The financial services industry was already facing disruption from various directions prior to the arrival of COVID-19, but the pandemic presented novel challenges and opened the door to even more significant changes.
From more diverse and inclusive advisory teams, to new rules affecting many financial professionals, to even greater adoption of technology among both advisors and their firms, to an increasing shift toward advisor independence and greater levels of stress among advisors, these themes are likely to persist well into 2021 and beyond.
Here are 10 key trends that advisors and the investment industry were focusing on in 2020:
Women remain a significant minority in Canada’s advisor population. So, while female-centric teams are still a rarity in the industry, they bring a distinct perspective that clients appreciate. For Candice Dziedziejko and Teri Cook, investment advisors with the Dziedziejko Cook Investment Advisory Group at BMO Nesbitt Burns Inc. in Waterloo, Ont., it was their shared work ethic and investment philosophy that led them to launch their all-female team six years ago, which now includes four women.
Advisors have been busy amid the COVID-19 pandemic addressing investors’ growing list of concerns, including one that often ends up on the back-burner during normal times: life insurance. But while broaching the subject with clients can be tricky for advisors as they run the risk of appearing opportunistic, discussing life insurance has more merit than ever before.
Advisors in Canada could soon find it much easier to work independently of large brokerage firms – a rapidly growing trend in the United States – amid changing regulations and advances in investment-management technology that make going it alone more convenient and cost-effective. A turnkey asset management program ecosystem is being developed in Canada, providing advisors with the technology and tools to become an independent investment counsellor portfolio manager.
The COVID-19 crisis is inspiring more advisors to consider going it alone. The interest comes as advisors discover that managing client relationships from home works well and question their current ties to traditional firms. As a result, wealth management technology firms, which are providing tools that are empowering advisors to run their own shops, are reporting a surge in inbound calls from prospective clients looking for information on how they can support independent advisors.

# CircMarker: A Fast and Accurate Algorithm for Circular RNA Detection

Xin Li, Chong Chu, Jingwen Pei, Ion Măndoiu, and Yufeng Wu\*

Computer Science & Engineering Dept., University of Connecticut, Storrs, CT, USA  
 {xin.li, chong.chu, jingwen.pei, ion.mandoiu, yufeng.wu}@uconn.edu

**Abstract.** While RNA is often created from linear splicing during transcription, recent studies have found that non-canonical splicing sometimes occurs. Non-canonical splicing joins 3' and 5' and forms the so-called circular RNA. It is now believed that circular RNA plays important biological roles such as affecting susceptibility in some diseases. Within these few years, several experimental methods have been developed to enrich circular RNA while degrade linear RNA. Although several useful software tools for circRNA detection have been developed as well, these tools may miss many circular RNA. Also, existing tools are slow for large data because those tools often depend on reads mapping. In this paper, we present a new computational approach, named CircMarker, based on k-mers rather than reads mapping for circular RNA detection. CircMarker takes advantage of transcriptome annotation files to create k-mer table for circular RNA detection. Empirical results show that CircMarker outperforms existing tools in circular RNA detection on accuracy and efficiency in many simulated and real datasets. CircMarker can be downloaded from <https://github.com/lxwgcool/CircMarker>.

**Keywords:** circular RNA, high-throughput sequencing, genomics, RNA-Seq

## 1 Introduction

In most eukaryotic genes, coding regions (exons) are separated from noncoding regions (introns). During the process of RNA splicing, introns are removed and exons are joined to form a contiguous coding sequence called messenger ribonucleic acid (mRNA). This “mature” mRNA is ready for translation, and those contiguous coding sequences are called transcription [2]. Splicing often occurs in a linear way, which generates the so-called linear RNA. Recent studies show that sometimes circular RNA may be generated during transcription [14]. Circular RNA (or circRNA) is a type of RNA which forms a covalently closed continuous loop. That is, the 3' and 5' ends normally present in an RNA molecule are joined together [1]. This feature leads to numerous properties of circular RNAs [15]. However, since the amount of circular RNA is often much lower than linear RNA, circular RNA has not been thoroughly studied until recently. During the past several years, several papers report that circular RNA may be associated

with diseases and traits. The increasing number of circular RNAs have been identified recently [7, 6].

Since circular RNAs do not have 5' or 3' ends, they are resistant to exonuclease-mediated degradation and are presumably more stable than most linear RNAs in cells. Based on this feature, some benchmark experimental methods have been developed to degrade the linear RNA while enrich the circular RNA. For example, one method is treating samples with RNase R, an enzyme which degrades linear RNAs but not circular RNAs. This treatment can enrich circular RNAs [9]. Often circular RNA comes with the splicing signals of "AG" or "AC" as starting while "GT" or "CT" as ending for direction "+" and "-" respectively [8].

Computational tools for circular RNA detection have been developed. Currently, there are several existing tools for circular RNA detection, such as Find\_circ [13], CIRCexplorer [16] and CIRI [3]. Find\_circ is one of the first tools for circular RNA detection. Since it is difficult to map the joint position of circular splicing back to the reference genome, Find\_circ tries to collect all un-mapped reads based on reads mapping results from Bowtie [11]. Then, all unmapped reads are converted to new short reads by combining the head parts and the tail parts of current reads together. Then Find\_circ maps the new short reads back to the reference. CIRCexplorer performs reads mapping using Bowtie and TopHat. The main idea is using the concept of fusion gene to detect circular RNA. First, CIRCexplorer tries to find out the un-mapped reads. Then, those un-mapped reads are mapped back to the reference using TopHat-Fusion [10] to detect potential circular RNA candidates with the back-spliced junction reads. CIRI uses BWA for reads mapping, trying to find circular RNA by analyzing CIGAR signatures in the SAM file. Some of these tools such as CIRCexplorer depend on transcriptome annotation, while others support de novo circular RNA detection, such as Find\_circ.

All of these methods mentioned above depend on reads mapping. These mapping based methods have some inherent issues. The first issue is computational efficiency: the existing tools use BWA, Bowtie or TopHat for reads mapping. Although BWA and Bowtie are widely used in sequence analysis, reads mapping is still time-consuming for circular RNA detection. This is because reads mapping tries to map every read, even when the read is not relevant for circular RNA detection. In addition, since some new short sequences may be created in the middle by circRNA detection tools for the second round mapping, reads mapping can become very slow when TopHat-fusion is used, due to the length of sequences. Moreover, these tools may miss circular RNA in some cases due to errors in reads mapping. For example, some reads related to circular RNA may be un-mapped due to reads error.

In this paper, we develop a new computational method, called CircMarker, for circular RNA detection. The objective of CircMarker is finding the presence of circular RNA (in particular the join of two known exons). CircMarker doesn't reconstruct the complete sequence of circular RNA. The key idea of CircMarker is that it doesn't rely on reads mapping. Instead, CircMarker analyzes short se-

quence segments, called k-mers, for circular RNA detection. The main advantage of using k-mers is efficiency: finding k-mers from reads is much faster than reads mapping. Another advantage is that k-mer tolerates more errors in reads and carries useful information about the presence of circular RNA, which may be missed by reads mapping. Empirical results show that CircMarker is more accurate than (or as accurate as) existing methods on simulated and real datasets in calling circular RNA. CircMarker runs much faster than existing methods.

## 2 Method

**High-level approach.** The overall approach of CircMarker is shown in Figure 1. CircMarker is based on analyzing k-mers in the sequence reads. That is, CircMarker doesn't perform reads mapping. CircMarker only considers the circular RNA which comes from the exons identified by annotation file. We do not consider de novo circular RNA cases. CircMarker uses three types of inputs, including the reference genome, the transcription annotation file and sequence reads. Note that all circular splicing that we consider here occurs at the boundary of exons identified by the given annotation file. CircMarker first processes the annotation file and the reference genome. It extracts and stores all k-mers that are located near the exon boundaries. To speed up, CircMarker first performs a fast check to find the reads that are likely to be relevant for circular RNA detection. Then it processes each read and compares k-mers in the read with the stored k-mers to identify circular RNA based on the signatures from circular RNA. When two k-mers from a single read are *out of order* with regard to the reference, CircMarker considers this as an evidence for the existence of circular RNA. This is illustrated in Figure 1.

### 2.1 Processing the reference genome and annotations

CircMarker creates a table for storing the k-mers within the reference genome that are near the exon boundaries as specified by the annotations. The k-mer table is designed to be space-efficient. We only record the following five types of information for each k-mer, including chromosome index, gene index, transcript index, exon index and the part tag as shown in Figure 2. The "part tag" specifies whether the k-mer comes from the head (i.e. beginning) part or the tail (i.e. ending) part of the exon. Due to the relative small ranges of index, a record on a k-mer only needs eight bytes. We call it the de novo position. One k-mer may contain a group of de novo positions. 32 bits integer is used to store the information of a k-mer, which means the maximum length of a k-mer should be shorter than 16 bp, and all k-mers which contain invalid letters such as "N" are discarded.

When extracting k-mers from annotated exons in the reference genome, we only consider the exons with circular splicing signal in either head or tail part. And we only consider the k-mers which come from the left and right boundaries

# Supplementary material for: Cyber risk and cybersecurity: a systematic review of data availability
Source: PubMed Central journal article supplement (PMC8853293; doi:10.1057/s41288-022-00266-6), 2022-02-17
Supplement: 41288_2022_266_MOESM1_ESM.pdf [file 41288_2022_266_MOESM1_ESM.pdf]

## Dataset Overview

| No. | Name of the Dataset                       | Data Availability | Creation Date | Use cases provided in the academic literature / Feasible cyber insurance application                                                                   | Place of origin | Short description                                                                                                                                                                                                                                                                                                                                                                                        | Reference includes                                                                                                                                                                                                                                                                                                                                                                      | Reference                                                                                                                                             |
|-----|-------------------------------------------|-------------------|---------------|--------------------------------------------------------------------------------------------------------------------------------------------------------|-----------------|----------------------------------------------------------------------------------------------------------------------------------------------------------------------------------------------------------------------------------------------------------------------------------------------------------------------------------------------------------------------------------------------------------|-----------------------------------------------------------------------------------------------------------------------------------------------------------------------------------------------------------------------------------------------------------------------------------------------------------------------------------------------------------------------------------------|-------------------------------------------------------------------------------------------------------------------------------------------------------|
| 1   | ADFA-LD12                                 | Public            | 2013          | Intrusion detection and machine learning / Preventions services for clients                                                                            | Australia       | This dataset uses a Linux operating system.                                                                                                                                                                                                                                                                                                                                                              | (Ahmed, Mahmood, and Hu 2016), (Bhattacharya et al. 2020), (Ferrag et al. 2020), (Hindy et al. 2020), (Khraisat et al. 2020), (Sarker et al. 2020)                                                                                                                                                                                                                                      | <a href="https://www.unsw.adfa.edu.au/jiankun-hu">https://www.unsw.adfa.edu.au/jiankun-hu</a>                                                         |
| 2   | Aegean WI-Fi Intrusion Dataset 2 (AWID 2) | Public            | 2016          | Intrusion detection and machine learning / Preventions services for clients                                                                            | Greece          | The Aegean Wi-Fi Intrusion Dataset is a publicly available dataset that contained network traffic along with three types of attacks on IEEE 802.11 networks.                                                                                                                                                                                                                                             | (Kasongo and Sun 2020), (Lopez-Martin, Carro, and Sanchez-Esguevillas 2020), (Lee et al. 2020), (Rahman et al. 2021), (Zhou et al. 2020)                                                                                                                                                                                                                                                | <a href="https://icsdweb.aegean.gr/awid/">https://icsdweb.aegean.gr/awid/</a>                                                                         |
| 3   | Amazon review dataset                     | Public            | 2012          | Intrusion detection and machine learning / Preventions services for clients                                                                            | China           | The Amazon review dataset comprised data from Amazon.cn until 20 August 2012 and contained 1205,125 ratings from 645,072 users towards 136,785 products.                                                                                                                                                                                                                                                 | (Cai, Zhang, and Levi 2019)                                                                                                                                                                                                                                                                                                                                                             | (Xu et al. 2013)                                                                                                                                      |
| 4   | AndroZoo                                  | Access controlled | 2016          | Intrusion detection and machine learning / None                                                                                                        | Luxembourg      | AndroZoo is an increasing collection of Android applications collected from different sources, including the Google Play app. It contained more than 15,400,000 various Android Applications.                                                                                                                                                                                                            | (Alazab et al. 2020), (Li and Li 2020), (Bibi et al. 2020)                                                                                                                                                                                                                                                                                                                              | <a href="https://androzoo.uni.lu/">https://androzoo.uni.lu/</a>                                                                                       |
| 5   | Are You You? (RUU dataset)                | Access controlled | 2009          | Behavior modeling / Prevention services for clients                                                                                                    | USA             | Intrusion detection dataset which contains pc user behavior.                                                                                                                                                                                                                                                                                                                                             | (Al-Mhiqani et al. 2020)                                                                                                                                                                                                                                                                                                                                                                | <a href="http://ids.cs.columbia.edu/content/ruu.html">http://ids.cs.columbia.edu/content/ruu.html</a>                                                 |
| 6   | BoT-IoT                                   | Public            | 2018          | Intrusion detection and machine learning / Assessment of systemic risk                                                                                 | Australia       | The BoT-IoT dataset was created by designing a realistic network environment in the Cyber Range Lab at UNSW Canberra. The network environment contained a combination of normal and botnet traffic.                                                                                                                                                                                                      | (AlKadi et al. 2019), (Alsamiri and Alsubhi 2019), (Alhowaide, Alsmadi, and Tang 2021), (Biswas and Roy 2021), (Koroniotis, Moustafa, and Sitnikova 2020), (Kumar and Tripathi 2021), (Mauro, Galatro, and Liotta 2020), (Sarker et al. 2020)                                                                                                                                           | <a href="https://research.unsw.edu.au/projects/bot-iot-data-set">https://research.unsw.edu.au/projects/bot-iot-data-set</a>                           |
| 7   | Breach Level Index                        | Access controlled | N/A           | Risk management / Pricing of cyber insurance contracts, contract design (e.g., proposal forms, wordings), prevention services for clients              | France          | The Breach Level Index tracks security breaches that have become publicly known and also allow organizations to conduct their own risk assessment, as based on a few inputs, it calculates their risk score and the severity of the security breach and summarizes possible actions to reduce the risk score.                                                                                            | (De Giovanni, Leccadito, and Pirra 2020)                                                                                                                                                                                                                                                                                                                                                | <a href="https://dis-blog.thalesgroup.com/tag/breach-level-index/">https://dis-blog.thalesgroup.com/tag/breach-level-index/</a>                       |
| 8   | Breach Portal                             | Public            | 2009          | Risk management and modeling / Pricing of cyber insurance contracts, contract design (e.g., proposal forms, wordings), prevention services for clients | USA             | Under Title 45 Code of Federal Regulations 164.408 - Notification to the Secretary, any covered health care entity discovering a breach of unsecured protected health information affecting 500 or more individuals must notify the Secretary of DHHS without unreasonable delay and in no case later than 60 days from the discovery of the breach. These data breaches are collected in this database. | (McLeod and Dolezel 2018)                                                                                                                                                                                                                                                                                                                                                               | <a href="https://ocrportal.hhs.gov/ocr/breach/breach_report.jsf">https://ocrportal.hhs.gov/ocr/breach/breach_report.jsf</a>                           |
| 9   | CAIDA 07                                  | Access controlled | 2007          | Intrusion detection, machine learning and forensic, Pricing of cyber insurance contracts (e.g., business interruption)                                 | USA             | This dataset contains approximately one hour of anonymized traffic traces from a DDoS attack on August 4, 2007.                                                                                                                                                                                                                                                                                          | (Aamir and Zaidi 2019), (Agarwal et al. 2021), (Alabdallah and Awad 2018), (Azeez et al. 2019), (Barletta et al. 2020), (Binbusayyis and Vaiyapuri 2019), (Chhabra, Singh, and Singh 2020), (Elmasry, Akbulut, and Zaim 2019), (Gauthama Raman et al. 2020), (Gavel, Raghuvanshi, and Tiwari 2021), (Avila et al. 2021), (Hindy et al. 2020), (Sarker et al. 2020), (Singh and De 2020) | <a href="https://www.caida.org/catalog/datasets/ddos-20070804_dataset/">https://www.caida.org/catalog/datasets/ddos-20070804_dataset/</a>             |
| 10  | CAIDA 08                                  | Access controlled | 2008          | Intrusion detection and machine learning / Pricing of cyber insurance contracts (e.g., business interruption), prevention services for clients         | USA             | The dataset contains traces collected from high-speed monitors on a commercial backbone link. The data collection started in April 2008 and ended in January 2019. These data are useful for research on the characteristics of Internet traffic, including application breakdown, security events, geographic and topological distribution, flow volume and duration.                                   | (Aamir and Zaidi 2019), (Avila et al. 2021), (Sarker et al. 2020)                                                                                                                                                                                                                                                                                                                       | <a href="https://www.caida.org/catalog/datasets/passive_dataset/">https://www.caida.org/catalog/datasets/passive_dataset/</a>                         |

A recent amendment to Canada’s securities regulation that makes it easier to hire portfolio managers in certain client-facing roles could be a game-changer for wealth and asset management firms looking to add to their ranks. Regulation for registration of advising representatives used to require portfolio managers to have at least two years of experience in securities selection and research, regardless of their role. But the addition of new terms and conditions to the registration requirement to the rule in June eliminated that requirement for portfolio managers who deal exclusively with clients, creating a new role defined as client relationship manager advising representatives.
Advisors may be feeling even more stress than the individuals for whom they manage money amid the COVID-19 pandemic. A recent report from Toronto-based human resources services and technology provider Morneau Shepell Inc. revealed that workers in Canada’s financial services industry trailed only those in accommodation and food services, arts, entertainment and recreation, and real estate, rental and leasing for the lowest mental health scores. What’s notable is that these people were all affected deeply by the COVID-19 stay-at-home recommendations in the spring as these industries were virtually shut down completely at the time. In contrast, financial services workers were considered essential in most provinces.
Although the investment industry is in favour of an Ontario government proposal to tighten the rules around who can use the titles “financial planner” or “financial advisor,” it’s seeking clarity and some changes before they’re finalized. For example, Michelle Alexander, vice-president and corporate secretary at the Investment Industry Association of Canada, says the organization is looking to ensure there’s no duplication in credentialing oversight.
David O’Leary of Kind Wealth wanted to do something constructive as the COVID-19 pandemic began to disrupt people’s lives. So, as businesses closed their doors and layoffs spread across the country, he launched the Coronavirus Relief Effort to offer free personal finance consultations for anyone struggling with the economic impact of the pandemic. Soon after, about 20 advisors stepped forward, able and willing to dedicate at least half a day a week to this initiative.
Advisors in Ontario who have been working from home during the COVID-19 pandemic received a little help from the provincial government, which changed the rules around a cumbersome barrier that had slowed down the client onboarding process. In effect, Bill 190 explicitly allows clients to designate beneficiaries for a range of registered accounts – including registered retirement savings plans, registered retirement income funds, locked-in retirement accounts, life income funds and tax-free savings accounts – with e-signatures.
Before COVID-19 , some of Canada’s largest independent investment dealers had been recruiting advisors actively and aggressively. Although the onset of the pandemic has had little impact on the level of this activity, how firms are recruiting advisors – and, in some cases, whom they’re targeting – has been affected significantly.